Our Education Initiative
Through education, we are building public knowledge and discourse for issues of persecution, marginalization and inequality across religious groups through. Mentorship for marginalized youth to provide them with knowledge and skills necessary to support themselves and uplift their community.
Education is needed to drive meaningful social change. In South Africa for example, there has been a large push towards using education as the primary preventative method for the spread of HIV/AIDs (Francis, 2010). Other social issues have also demonstrated the power of education to create change in popular culture. For example, a study from 1946 to 2018 showed dramatic change in the perspective of a women’s position in society, with positive progression and empowerment of women being evident over time (Eagly, Nater, Miller, Kaufmann, & Sczesny, 2020).
Thus, it is well established that education is a powerful tool for empowering change in popular society. As such, we at The Common Denominator (TCD) aim to make use of this powerful tool to create a change in stereotyping and treatment of individuals because of their religious belief. Mistreatment and stereotyping of persons based on their faith is no small issue. One study, based on the Canadian General Survey, found that Muslims and Jews had higher reports of experiencing religious discrimination than those in other religious minority groups and as such the confidence of Muslims in public and political institutions has been reduced (Dilmaghani, 2019). It is no secret that there has been conflict between Muslims and government in Canada, creating widespread Islamophobic sentiments in the country, especially in Quebec (Wilkins-Laflamme, 2018) where the controversial Bill 21 was recently passed.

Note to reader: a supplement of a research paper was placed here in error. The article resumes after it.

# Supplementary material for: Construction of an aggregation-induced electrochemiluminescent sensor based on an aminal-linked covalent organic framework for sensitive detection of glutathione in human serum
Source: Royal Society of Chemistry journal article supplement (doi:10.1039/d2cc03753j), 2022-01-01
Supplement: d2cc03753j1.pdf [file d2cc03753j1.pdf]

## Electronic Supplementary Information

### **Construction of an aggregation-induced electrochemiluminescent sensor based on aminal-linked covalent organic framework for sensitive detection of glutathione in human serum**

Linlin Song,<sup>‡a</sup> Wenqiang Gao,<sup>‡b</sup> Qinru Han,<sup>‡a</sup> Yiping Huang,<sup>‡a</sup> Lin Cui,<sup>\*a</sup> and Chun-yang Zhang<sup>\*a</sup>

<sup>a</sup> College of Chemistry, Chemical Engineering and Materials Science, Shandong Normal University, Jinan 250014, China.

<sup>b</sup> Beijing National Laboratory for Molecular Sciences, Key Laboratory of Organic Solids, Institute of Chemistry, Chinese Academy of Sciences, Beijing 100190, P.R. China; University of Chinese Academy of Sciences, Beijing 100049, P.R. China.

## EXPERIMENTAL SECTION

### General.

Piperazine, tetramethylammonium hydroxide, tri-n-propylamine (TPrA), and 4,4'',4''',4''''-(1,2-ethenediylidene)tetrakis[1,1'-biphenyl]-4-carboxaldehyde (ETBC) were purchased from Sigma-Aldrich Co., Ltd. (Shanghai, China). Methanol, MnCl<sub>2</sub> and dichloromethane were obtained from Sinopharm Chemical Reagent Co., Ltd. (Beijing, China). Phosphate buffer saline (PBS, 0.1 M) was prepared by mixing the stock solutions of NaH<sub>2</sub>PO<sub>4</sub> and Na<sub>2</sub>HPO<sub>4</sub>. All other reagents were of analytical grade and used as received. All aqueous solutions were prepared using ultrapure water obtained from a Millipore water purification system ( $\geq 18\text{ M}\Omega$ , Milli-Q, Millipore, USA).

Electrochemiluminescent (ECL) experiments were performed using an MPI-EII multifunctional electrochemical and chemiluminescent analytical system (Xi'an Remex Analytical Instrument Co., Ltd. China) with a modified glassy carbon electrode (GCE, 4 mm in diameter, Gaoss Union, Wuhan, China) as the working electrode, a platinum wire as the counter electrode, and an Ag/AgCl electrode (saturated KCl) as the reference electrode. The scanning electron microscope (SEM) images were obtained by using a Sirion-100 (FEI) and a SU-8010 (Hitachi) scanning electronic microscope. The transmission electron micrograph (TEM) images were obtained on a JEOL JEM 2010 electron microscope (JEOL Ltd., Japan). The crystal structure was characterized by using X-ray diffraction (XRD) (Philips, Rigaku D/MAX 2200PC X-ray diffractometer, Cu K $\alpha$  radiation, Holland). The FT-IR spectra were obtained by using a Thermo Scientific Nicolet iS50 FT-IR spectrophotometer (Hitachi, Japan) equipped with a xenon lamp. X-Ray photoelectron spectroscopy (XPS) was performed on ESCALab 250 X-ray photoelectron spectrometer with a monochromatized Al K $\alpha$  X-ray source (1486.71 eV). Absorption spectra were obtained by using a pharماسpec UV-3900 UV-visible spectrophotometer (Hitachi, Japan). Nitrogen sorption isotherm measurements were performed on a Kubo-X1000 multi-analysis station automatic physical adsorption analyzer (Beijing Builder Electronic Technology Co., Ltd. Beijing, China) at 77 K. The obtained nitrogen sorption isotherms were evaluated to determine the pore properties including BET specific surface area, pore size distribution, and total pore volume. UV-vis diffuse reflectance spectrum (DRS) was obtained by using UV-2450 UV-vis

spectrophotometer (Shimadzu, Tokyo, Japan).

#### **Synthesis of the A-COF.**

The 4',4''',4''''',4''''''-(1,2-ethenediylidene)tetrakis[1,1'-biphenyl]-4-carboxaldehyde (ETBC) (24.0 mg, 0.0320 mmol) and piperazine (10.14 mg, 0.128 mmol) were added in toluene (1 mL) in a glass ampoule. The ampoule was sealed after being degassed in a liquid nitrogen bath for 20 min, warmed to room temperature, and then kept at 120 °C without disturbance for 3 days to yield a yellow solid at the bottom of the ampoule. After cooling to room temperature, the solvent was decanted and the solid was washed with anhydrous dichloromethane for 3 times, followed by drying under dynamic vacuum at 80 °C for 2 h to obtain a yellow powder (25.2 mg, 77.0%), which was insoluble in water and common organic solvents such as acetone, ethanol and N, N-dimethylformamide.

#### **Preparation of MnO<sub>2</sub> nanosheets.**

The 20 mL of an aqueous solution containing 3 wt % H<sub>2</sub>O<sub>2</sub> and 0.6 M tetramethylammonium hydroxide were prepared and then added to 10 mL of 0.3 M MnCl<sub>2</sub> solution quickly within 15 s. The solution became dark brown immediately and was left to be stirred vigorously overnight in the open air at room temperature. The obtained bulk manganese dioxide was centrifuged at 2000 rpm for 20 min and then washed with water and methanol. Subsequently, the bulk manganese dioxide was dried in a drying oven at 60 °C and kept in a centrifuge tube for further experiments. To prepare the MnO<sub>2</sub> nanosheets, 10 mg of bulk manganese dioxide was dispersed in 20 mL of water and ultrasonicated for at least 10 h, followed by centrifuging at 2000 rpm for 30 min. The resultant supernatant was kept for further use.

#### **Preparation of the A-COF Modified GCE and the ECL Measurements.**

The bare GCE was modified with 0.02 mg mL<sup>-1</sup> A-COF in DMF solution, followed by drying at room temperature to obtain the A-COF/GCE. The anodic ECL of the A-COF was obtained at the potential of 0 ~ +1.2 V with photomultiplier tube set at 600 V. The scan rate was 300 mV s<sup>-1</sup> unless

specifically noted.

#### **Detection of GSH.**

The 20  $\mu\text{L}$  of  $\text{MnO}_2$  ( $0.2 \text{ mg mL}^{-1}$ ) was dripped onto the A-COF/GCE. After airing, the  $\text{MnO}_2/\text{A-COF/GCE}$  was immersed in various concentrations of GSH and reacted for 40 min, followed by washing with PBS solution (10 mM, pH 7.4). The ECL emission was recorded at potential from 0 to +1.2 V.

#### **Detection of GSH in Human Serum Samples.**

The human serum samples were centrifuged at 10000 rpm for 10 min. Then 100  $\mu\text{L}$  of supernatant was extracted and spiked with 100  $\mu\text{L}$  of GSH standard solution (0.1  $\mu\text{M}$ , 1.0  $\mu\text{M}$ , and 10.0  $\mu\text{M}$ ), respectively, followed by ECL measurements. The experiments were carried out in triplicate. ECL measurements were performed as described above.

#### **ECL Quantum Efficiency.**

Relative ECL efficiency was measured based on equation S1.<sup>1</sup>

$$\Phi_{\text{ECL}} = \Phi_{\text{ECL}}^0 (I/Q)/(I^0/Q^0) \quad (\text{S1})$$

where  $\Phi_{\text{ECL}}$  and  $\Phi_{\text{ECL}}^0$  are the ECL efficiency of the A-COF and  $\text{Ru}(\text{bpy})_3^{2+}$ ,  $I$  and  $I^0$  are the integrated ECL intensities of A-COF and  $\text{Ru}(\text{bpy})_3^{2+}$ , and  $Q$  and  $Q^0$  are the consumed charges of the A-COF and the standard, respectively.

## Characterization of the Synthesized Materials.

To combat these issues of stereotyping and inequality across religious groups many solutions have been proposed, one of which is to create an interfaith dialogue. At its basis, interfaith dialogue is an educational tool to help individuals from across different religious groups form an understanding of common practices and traditions. At TCD we plan to help facilitate this dialogue, to build communities which can find common grounds despite numerous differences in belief. Currently we are working closely with the Calgary Interfaith Council (CIC) to help promote their platform of interfaith dialogue in a more digestible way using our experience on multi-media platforms.
Our events have also facilitated an interfaith dialogue, as we have provided a platform for multiple faith groups to simultaneously describe their struggles and experiences with persecution simultaneously to a diverse audience. In 2021, we hosted two such events, both titled “Faith and Martyrdom” where we had speakers from Christian, Ahmadi Muslim and Uyghur Muslim groups speak on their knowledge and experiences with faith-based persecution.